Sudanese in Lebanon: A Journey of False Hope

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Many Sudanese’s dreams of finding a good life in Lebanon turn sour soon after their arrival. (Photo: Al-Akhbar)

By: Ali Sakka

Published Sunday, April 8, 2012

The lure of the “Switzerland of the Orient” all too often entails a harsh and dangerous trek into a life of exploitation, fear, and racism.

Bashir has been living in Lebanon for three years. He came to the country via a travel agency, one of several that have been highly active in arranging trips between Sudan and Syria lately. These agencies are in fact fronts for human smuggling operations.

To get to Lebanon, a Sudanese would-be migrant must pay US$600 for a passport and ticket, and bring another US$3,000 or so as “show money” to persuade Syrian immigration officers that they’re not intending to cross illegally into Lebanon.

At the airport in Damascus, they are met by another Sudanese person. Normally, this person works for the travel agency, has their photo, and calls for them by name. They are told to hand back the cash given to them by the agency in Sudan and are passed on to another man who will supposedly escort them to Lebanon.

It rarely works out that way. Bashir, speaking from personal experience, says the agencies routinely rip off their customers. They take money from them for the onward journey to Lebanon, and then abandon them in Syria to fend for themselves. This usually means seeking out the services of cross-border smugglers.

“Many of the Sudanese in Lebanon were smuggled into the country,” says Bashir. He eventually managed to resolve his legal status by obtaining residence and work permits – though to get them, he had to get himself smuggled back to Syria so as to re-enter Lebanon legally via the Masnaa border crossing.

Many Sudanese’s dreams of finding a good life in Lebanon turn sour soon after their arrival. Part of the problem lies in the fact that migrants returning from Lebanon help paint a rosy picture as they are often reluctant to admit to their families and friends in Sudan that they were exploited and demeaned.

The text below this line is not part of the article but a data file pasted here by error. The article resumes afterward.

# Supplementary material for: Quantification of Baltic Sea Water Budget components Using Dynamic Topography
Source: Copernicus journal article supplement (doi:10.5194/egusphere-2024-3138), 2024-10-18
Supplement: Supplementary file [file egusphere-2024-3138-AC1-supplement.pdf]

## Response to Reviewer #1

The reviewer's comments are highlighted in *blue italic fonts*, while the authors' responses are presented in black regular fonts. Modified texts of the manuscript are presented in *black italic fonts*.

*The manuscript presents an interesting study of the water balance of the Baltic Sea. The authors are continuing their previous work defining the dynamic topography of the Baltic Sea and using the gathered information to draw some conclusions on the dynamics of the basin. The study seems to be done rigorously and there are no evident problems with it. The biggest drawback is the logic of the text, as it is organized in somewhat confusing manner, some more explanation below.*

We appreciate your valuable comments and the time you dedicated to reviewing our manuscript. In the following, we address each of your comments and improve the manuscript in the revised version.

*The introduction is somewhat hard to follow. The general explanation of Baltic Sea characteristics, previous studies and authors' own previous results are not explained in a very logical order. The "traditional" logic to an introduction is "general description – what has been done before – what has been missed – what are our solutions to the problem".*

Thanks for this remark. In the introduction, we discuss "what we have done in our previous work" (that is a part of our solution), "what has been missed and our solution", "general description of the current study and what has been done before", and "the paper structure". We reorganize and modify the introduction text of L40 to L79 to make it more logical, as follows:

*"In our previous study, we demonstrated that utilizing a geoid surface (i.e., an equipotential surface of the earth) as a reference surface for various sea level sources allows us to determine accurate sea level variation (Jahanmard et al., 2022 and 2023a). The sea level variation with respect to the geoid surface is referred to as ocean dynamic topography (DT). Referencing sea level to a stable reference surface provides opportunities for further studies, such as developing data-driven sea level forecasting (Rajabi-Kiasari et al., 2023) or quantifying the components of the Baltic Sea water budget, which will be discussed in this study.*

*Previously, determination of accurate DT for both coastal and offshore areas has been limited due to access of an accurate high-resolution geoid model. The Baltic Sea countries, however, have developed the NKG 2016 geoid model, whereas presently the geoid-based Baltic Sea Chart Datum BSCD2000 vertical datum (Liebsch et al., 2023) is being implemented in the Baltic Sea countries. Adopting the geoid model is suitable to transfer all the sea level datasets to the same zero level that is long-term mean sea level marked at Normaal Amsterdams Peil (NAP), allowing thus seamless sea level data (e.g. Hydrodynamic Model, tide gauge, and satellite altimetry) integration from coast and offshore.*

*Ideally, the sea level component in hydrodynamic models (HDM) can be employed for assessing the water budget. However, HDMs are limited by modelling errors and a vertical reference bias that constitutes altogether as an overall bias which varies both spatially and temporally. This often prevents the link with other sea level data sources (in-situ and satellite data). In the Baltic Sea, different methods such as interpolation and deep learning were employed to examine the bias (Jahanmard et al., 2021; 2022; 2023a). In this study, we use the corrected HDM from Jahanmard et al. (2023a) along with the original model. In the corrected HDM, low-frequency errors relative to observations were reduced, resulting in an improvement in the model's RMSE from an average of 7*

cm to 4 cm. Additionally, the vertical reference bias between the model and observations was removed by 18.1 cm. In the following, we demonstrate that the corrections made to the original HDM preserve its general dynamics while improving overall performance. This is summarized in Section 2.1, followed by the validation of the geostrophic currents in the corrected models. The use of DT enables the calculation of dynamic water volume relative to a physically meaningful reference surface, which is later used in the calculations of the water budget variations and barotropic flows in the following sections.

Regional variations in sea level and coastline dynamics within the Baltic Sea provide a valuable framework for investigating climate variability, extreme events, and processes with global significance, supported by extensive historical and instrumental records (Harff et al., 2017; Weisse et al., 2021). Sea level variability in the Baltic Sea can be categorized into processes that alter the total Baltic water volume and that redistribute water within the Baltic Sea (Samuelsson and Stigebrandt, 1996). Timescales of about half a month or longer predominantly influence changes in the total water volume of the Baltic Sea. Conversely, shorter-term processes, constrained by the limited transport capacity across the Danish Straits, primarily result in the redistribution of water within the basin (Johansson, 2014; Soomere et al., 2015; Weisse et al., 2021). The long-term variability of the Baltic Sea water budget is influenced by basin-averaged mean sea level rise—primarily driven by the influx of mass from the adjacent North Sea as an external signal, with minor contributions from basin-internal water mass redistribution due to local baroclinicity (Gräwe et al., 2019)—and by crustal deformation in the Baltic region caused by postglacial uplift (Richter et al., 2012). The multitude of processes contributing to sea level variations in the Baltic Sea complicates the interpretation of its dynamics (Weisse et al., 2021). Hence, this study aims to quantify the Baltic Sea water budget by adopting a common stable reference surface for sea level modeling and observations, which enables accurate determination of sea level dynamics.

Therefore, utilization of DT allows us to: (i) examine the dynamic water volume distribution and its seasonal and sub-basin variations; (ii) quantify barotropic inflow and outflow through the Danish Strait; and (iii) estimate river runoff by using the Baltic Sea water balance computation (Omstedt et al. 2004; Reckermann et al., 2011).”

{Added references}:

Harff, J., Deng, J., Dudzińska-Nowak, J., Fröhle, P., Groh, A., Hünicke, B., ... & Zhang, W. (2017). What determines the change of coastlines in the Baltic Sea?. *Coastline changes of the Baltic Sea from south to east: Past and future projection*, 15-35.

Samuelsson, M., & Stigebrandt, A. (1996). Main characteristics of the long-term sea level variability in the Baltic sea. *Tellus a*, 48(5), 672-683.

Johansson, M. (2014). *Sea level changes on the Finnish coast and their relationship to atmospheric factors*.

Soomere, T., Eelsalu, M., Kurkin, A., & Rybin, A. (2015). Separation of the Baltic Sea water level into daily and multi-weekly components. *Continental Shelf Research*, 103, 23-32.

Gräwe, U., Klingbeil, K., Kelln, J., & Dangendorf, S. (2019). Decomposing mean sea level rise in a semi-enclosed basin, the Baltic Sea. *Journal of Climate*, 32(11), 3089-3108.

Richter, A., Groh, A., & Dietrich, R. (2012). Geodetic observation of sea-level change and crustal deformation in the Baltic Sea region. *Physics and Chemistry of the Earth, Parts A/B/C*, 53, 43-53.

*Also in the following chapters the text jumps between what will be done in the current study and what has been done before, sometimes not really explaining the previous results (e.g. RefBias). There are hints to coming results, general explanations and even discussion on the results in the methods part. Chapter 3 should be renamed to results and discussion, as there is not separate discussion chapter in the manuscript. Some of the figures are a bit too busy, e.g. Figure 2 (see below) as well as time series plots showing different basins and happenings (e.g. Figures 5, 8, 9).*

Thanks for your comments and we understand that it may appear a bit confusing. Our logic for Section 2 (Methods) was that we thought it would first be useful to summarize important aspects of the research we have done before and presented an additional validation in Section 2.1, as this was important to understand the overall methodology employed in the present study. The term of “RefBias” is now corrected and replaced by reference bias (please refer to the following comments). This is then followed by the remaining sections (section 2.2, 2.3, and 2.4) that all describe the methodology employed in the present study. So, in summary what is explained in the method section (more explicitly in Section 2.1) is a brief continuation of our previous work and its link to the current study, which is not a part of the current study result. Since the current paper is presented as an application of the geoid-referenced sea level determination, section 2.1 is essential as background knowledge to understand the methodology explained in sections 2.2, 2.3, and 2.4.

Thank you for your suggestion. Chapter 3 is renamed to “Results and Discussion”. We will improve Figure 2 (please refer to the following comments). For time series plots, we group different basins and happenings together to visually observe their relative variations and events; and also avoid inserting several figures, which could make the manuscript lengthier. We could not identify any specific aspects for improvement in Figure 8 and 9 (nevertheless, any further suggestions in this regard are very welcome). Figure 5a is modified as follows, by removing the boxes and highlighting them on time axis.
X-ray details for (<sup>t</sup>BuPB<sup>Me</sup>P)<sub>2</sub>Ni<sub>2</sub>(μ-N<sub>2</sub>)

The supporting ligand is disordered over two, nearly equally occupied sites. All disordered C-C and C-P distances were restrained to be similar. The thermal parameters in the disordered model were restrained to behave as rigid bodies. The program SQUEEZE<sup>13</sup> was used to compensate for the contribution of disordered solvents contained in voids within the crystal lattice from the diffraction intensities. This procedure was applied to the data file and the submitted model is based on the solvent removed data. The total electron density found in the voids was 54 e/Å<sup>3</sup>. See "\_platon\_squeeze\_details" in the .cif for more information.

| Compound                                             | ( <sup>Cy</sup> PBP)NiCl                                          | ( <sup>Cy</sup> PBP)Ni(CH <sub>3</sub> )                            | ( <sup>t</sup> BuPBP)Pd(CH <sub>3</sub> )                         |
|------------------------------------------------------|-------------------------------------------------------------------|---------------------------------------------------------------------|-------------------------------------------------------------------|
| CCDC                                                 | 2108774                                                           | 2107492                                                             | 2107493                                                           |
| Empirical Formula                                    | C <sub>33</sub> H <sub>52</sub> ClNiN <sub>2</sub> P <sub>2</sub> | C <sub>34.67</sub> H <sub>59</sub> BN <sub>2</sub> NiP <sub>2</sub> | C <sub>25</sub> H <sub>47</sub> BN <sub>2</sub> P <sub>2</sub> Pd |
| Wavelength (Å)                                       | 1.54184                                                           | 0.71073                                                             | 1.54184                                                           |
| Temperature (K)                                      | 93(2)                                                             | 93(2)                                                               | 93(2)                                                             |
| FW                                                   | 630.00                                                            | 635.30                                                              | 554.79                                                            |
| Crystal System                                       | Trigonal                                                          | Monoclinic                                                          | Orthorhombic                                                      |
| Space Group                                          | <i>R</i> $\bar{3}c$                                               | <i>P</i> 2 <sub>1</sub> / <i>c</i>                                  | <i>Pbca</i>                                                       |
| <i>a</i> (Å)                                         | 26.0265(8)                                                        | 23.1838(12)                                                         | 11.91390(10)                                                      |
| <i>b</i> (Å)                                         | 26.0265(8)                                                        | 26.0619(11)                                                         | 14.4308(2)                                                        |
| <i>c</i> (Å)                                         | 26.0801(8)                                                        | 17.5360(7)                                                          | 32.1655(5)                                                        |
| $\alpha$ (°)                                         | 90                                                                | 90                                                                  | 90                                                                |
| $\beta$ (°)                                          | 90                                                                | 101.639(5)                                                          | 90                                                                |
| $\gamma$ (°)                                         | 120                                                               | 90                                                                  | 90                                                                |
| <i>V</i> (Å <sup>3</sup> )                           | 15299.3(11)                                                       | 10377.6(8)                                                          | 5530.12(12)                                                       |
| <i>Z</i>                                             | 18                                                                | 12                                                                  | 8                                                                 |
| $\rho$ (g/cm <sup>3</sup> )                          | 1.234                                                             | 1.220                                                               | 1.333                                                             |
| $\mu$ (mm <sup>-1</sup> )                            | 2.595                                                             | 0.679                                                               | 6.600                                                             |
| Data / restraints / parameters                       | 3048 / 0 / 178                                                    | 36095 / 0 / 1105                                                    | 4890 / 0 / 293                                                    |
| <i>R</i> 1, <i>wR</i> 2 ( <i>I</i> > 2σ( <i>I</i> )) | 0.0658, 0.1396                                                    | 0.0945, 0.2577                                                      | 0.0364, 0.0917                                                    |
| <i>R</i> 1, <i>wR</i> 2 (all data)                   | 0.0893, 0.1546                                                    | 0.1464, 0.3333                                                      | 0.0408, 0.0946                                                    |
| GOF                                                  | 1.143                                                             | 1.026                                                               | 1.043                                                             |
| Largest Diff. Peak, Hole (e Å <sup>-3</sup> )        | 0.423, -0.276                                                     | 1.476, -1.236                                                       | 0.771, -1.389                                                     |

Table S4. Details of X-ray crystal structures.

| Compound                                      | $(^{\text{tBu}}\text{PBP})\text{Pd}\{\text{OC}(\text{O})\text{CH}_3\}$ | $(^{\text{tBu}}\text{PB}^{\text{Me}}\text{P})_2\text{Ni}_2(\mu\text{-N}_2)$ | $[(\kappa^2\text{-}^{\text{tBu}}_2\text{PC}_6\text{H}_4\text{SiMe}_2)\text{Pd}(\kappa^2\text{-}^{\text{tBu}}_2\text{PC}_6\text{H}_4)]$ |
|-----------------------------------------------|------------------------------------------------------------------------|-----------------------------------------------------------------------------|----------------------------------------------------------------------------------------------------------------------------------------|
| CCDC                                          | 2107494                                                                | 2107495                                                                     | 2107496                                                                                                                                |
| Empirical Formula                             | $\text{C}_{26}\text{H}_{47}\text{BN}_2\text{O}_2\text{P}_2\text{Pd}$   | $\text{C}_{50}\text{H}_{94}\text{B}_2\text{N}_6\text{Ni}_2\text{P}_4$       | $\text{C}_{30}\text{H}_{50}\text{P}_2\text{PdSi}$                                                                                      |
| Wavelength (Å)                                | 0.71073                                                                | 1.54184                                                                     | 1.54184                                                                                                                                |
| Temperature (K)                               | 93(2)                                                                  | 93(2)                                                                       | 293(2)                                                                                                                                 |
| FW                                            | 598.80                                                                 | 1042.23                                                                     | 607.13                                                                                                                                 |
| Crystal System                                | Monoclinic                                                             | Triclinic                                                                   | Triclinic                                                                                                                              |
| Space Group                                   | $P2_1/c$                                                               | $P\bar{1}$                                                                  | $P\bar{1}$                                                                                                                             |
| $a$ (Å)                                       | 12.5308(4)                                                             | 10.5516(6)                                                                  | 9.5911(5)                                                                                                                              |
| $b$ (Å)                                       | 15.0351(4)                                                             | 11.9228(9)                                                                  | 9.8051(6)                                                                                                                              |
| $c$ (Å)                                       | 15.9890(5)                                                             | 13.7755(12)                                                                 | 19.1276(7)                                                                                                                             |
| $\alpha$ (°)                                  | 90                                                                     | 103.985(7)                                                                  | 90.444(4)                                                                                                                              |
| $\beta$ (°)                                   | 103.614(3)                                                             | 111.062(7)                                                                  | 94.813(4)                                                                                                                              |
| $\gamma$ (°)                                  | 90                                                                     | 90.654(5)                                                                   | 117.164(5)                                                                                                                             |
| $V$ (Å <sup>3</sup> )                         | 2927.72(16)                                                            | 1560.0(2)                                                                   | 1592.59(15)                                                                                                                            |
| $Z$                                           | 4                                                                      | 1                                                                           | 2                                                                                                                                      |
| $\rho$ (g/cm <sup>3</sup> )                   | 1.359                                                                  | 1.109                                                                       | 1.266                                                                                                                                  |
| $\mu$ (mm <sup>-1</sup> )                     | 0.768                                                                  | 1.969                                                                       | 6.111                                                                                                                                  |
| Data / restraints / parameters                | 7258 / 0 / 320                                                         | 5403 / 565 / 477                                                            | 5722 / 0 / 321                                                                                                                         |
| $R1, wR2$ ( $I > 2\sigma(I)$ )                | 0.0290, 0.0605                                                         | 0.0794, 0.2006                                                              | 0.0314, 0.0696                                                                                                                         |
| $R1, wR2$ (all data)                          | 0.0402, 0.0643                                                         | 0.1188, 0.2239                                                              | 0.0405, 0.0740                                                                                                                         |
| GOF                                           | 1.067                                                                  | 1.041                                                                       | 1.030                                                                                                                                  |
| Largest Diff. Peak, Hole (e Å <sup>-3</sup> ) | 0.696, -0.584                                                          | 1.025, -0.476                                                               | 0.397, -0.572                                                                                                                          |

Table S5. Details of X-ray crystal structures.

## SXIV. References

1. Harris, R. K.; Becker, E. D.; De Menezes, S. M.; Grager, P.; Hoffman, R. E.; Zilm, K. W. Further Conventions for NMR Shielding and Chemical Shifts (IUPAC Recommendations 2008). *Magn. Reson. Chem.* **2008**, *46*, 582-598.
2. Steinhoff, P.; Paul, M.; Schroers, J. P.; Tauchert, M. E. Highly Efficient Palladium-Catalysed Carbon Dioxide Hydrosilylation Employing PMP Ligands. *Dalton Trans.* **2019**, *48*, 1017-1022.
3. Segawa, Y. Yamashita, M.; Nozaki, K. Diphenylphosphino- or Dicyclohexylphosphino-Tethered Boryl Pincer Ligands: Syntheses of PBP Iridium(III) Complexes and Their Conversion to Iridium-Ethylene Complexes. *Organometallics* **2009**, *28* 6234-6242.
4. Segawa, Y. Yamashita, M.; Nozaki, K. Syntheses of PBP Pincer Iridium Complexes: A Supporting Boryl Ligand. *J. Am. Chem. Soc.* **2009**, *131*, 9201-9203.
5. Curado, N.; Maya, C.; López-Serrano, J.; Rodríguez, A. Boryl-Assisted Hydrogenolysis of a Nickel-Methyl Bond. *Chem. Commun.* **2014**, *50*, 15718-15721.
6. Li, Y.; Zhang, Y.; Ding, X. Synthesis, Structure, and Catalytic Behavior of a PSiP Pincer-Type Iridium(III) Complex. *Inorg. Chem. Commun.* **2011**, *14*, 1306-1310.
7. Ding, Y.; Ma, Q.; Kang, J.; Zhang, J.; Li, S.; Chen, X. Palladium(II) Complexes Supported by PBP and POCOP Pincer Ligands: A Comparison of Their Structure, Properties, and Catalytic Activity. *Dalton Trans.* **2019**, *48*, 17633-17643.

Tayyeb (not his real name) anticipated that the earnings of a Sudanese worker would be low, “but not to such an extent.” When he arrived to work in Lebanon, he found the US$700 salary he had been led to expect magically shrunk to US$300. Tayyeb never intended to stay in Lebanon anyway. He dreamed of working in Lebanon for a year or two and then making his way to Europe.

Things did not work out that way. He flew to Syria with a friend, but once there found out they did not have enough to pay a smuggler to sneak them into Lebanese territory. They found work for three months at a farm in Syria for US$100 a month but were unable to save any money. Another smuggler offered to take them to Lebanon on the condition that they work at a farm in the Wadi Khaled area until they paid him back his fee, but that was not feasible. Eventually, they struck a deal with another man, who agreed to escort them over the border on the condition that he held onto their passports until they could pay him.

When Tayyeb came to Lebanon, smugglers used to charge US$200 per person. The price had increased to US$300 by the time Bashir arrived. Both found crossing the Syrian-Lebanese border to be a harrowing experience.

“If you try it once, you will not do it again” states Tayyeb. “Whenever I advise a Sudanese who wants to come to Lebanon to get a visa, they think I don’t want them to come here and make a living. But it’s because I don’t want them to suffer like I did.”

Tayyeb could easily have been killed when a Syrian border patrol opened fire on the group of people he was walking with along a smugglers’ route in the dark. “We crossed the borders into Lebanese territory after walking for seven hours on foot. They shot at us, it wasn’t a risk worth taking,” he says.

The smuggler took Tayyeb and his friend to the Sudanese Cultural Club in Beirut, where many in similar circumstances gather. They are often offered help by compatriots, in form of both material assistance and advice.

“A Sudanese family hosted us but we lived in a climate of fear. They advised me not to go out at night, and to avoid police patrols.” Tayyeb’s daily movements are still governed by this fear, which haunts all Sudanese who reside illegally in Lebanon.